Ongi Monastery

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Ongi Monastery
Ongiin khiid4a.jpg
Ongi Monastery,Saikhan-Ovoo, Dundgovi Mongolia
Religion
AffiliationTibetan Buddhism
Location
LocationSaikhan-Ovoo, Dundgovi, Mongolia
Ongi Monastery is located in Mongolia
Ongi Monastery
Location within Mongolia
Geographic coordinates45°27′33″N 103°54′02″E / 45.45917°N 103.90056°E / 45.45917; 103.90056Coordinates: 45°27′33″N 103°54′02″E / 45.45917°N 103.90056°E / 45.45917; 103.90056
Architecture
Architectural styleChinese, Mongol and Tibetan influences
Date established1660

Ongi Monastery (Mongolian: Онгийн хийд, Ongiin Khiid) is the collective name for the ruins of two monasteries that face each other across the Ongi River in Saikhan-Ovoo district of Dundgovi Province, in south-central Mongolia. The Barlim Monastery is located on the north bank of the river while the Khutagt Monastery sits on the south bank. The older southern complex consisted of various administrative buildings as well as 11 temples. The northern complex, built in the 18th century, consisted of 17 temples - among them one of the largest temples in all of Mongolia. The grounds housed also 4 Buddhist universities. Founded in 1660, it was one of the largest monasteries in Mongolia and housed over 1000 monks at its height. The ruins are situated about 18 km south of the town of Saikhan Ovoo.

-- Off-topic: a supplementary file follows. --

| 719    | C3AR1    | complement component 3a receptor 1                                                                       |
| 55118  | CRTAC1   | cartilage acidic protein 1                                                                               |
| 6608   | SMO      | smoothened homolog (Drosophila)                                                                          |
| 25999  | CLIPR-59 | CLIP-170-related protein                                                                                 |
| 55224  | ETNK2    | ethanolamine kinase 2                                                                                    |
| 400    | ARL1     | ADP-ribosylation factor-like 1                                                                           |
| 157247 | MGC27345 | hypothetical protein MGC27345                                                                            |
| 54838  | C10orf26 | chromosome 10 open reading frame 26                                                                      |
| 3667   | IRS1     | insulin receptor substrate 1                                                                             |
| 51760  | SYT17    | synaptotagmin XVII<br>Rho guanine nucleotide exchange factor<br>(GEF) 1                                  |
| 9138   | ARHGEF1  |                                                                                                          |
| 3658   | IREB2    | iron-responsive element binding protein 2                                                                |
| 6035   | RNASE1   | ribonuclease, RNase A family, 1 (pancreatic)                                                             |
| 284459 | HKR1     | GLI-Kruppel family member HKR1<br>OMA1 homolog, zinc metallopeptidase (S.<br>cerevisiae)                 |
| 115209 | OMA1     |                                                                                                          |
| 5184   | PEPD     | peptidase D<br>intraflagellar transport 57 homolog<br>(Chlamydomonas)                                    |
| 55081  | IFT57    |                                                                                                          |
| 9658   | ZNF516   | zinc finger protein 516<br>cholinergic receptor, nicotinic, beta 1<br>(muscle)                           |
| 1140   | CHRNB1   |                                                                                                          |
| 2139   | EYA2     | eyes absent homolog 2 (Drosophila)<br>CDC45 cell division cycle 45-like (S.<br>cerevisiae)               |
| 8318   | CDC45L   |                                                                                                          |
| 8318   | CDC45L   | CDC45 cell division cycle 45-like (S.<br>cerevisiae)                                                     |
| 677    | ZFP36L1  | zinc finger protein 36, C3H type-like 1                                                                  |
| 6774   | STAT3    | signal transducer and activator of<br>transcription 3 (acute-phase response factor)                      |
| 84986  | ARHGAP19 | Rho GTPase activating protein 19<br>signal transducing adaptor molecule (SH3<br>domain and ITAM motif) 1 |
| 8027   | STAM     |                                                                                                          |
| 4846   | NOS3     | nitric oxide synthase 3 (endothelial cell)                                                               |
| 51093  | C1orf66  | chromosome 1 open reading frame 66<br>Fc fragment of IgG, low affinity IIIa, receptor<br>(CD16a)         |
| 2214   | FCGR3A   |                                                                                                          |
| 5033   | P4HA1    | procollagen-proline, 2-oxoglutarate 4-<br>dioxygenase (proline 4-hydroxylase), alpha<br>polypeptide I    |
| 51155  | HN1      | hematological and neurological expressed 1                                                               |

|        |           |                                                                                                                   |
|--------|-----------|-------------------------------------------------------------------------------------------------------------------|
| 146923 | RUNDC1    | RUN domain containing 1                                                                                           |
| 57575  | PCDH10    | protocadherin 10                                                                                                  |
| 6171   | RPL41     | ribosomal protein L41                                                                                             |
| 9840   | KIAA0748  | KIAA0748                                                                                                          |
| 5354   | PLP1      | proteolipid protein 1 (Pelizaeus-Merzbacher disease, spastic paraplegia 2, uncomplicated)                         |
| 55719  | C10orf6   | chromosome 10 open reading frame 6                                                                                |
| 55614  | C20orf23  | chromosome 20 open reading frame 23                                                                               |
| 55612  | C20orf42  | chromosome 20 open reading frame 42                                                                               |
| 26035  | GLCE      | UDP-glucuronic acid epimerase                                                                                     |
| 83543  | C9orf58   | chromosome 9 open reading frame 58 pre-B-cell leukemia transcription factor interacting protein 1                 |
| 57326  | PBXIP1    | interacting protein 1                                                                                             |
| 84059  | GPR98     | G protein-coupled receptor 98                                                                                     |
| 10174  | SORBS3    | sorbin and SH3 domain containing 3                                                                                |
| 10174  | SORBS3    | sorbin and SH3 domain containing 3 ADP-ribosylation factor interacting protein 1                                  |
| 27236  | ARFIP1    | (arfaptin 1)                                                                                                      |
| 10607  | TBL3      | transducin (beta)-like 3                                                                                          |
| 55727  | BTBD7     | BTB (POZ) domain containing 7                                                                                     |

Ruins of Ongi Monastery and the Ongi River

Both complexes of Ongi Monastery were completely destroyed in 1939 during anti-religious purges carried out under Khorloogiin Choibalsan, the leader of the Communist Party of Mongolia. Over 200 monks were killed, and many surviving monks were imprisoned or forcibly laicized and conscripted into the Communist controlled army.

A large number of ruins including a tall stupa can be seen on the river and on the surrounding hills. In the 1990s, it was decided to rebuild the monastery. The first temple was inaugurated in 2004.[1] There is a small museum in a ger in front of it. One of the stupas has just been reconstructed as well. It has a conmemorative plaque indicating the names of the monks who were killed in 1939.

References[edit]

  1. ^ Michael Kohn: Mongolia, p. 198. London 2008.